The main ingredient of the outstanding dish is fresh lotus seeds coated with longan fruit flesh. The dish is said to be served to the Vietnamese emperors long time ago. The lotus seeds picked from West Lake’s lotus have a special flavor, and were formerly used by the emperors to embalm the tea.
The skin and the lotus embryo of the fresh lotus seeds will be taken off before the seeds are washed, steamed and simmered with sugar. In order to prepare the dish, the cooks take off the coat and the nut of the big longan, wash it, then stuff the simmered lotus seeds inside the longan and place them in bowls. Then the cassava flour with a right amount of water, is cooked slowly, let cool down and pour into the bowls to make the dish of che with sweet and nourishing longan-coated lotus seeds.
It is said that eating sweet soups is an important part of local life in Hanoi. People can take simple dishes cooked from lotus, black or green mung beans at street food stalls on pavements, in back alleys, and at local markets. But the one of longan with fresh lotus seeds can only be found in luxury restaurants or parties.
Being available in Vietnam virtually all year round, but for many Hanoians, Pomelo or Citrus maxima is said to be particularly delicious in autumn.
Pomelo is considered as one of the Moon Goddess’ favorite fruits and also indispensable on the Mid-Autumn Festival fruit tray.
The fruit’s distinctive sweet-and-sour taste may help diners balance their taste buds, thus, it is usually eaten accompanied with mooncakes and other sweeties during a Full-moon banquet.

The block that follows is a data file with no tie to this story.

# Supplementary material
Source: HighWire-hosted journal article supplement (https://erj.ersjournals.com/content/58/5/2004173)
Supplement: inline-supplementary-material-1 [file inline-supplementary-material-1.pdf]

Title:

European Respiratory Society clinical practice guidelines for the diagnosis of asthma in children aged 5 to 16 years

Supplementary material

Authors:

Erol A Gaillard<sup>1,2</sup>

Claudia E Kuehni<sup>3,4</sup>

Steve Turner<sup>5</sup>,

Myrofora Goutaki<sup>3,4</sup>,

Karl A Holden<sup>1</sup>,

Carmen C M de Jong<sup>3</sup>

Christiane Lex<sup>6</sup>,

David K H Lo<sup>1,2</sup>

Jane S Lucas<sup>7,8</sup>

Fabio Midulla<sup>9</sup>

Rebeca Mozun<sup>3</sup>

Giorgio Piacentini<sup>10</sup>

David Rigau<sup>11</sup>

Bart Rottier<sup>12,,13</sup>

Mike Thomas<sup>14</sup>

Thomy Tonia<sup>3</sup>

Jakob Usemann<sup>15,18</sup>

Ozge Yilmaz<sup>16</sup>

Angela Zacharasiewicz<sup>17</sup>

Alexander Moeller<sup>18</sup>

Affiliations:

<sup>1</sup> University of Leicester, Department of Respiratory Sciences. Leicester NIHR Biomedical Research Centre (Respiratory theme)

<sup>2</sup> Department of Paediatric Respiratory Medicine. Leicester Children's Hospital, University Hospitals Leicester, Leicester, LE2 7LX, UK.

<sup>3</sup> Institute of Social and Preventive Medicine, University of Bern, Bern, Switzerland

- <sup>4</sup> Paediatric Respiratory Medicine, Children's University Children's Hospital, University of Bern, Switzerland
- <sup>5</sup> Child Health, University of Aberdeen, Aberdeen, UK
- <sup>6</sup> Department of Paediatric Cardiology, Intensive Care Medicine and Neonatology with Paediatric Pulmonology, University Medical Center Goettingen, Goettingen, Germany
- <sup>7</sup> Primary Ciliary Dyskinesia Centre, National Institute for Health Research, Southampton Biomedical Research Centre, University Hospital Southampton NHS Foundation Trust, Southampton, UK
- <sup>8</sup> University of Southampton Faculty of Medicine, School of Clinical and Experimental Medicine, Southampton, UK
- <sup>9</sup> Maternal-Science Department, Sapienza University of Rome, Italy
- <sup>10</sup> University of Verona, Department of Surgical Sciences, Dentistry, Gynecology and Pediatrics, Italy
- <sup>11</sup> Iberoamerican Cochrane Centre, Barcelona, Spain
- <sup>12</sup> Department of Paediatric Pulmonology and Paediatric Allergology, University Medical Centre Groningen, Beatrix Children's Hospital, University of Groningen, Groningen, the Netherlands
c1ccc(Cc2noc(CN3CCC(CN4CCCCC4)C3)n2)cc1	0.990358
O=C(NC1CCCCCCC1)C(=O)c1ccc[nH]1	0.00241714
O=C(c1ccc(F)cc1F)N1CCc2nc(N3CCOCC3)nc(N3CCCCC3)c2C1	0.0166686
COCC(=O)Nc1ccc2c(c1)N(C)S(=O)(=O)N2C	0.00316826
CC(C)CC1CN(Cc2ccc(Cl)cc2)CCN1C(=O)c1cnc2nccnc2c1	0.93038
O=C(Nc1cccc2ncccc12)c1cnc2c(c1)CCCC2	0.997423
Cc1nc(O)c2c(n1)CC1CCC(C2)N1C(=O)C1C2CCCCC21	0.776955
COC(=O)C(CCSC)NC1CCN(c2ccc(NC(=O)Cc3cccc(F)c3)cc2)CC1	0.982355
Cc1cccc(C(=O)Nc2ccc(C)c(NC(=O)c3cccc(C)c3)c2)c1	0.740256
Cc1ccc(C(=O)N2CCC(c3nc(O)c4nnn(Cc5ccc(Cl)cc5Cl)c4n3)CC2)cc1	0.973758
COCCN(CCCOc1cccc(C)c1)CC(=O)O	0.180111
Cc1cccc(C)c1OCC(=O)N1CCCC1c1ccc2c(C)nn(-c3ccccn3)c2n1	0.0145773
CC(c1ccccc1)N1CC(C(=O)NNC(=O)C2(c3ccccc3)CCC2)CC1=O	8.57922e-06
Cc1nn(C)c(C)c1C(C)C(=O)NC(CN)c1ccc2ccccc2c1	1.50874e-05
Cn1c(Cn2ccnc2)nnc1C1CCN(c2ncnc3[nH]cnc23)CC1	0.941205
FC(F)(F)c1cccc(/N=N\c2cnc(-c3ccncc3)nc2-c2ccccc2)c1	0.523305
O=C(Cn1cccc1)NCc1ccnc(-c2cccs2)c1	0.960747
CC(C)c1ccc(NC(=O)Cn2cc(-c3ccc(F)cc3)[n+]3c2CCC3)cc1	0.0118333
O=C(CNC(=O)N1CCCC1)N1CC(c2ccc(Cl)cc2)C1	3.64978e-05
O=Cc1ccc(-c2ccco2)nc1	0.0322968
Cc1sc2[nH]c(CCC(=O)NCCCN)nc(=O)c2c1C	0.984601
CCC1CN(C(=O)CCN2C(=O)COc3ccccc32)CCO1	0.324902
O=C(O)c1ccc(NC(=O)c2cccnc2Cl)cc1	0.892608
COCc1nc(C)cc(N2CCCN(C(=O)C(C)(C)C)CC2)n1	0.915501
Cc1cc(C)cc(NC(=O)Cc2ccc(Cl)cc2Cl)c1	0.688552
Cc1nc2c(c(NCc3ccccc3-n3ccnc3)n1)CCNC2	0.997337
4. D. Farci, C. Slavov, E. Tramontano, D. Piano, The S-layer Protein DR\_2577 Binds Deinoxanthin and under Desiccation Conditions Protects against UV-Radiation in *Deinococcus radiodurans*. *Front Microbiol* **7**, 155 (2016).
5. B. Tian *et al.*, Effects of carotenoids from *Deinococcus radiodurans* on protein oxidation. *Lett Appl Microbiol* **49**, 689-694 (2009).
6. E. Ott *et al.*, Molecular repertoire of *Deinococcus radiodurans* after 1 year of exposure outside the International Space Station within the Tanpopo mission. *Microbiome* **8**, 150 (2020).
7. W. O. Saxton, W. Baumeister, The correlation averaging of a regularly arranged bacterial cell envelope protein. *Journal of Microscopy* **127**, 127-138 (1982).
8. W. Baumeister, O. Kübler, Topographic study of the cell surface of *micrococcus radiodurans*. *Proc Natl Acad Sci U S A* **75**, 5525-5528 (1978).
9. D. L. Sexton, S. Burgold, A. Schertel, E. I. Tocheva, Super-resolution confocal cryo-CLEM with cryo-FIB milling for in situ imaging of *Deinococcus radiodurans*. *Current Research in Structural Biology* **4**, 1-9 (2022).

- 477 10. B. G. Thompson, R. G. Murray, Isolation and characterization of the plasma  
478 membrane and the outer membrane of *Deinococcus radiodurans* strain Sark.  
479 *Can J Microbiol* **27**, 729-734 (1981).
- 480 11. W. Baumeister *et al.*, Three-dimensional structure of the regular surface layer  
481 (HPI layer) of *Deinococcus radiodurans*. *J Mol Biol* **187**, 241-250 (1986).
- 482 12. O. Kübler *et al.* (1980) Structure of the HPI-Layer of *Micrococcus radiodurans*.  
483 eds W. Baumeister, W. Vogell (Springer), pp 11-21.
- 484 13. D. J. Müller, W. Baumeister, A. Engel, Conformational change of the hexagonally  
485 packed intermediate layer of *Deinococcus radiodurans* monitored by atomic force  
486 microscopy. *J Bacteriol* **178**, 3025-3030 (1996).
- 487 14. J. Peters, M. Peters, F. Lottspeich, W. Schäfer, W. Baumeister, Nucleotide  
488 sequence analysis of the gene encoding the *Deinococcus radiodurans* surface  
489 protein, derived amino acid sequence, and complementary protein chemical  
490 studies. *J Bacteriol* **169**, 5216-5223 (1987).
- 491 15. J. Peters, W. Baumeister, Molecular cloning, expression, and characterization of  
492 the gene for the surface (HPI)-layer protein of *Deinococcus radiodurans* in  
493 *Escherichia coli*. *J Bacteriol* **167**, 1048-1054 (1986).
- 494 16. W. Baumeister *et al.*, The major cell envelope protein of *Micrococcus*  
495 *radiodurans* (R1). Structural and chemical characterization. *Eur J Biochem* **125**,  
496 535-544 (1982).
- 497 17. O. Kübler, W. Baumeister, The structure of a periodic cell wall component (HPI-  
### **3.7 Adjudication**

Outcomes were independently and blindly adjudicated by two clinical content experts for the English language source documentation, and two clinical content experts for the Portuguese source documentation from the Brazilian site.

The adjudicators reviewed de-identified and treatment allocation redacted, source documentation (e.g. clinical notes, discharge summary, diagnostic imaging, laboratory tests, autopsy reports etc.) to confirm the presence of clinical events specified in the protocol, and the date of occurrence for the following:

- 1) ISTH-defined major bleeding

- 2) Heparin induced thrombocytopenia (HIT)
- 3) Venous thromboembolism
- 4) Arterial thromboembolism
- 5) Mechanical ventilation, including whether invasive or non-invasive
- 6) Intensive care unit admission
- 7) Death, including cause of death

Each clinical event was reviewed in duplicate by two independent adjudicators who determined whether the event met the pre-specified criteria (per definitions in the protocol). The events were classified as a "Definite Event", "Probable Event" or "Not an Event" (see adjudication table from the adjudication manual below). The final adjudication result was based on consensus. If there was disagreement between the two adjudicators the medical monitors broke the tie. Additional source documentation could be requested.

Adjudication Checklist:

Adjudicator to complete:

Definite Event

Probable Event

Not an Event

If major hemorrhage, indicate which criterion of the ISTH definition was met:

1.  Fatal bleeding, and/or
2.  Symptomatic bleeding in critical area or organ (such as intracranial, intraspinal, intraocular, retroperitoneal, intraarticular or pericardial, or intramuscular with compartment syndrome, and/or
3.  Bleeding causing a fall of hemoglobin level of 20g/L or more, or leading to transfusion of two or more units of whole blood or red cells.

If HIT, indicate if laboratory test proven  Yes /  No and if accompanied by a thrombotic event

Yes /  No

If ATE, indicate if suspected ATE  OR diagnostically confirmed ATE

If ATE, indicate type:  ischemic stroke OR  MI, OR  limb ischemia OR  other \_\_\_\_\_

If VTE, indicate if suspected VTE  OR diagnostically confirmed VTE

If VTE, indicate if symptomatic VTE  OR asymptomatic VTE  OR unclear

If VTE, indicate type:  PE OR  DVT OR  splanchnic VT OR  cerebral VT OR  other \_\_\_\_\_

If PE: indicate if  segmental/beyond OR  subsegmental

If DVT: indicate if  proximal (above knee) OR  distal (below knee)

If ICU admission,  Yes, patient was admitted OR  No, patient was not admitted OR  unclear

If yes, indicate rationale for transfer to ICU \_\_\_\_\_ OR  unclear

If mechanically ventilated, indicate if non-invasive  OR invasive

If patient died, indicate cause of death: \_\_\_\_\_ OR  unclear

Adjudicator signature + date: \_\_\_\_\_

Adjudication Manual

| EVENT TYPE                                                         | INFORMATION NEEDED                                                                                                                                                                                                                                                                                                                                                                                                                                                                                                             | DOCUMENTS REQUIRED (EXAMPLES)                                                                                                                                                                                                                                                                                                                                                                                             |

After the pomelo has been eaten, it’s common for children to make hats from the peel of the fruit and wear them on their heads for fun.
In addition, the skillful Hanoi housewives may make many different toys from pomelo and the most characteristic one is a poodle dog. A cute pomelo puppy is always the highlight of the beautiful fruit banquet for mid-autumn festival.
In the north, good grapefruit comes from Dien village or today’s Cau Dien Ward in Nam Tu Liem District of Hanoi and Doan Hung District in Phu Tho Province.
Persimmons are available all-over northern Vietnam in the autumn. Two types are seen in the market: red soft and sweet, and green, crispy. Both are favorites for full-moon banquet.
Processing green persimmons is quite complicated. The fruit is soaked in water for two days to get rid of the tannin, the water is changed every four or five hours.
Vietnam’s favorite persimmon is grown in Lang Son province and is called Hong Lang. It looks almost square, and is sweet and crispy. Persimmons do not grow in southern Vietnam, so it is rare and much more expensive there.
Another typical fruit of autumn is Na or custard apple. As a country with tropical weather, Vietnam is truly a heaven of fruits and custard apple is only one among these thousand types of fresh delicacies. Hidden inside the pale green skin with large bumps, custard apple’s flesh is sweet, soft and has a distinctive creamy flavor that no other fruit in the world has.
In the season changing period of autumn to winter that falls in early October, the ripe sweet custard apples are shipped to Hanoi from the most abundant growing area in Vietnam's Northern Province of Lang Son. Custard apples in Lang Son is famous for its aroma, large size, sweetness thanks to the quality of the soil and typical climate.
Once a year in the late autumn, this special seasonal fruit is bought by Hanoi housewives to worship the forefathers and passed-away deceased loved ones, as a way that they reminisce about the past and mark the end of the season. Then, the winter will knock the door very soon later.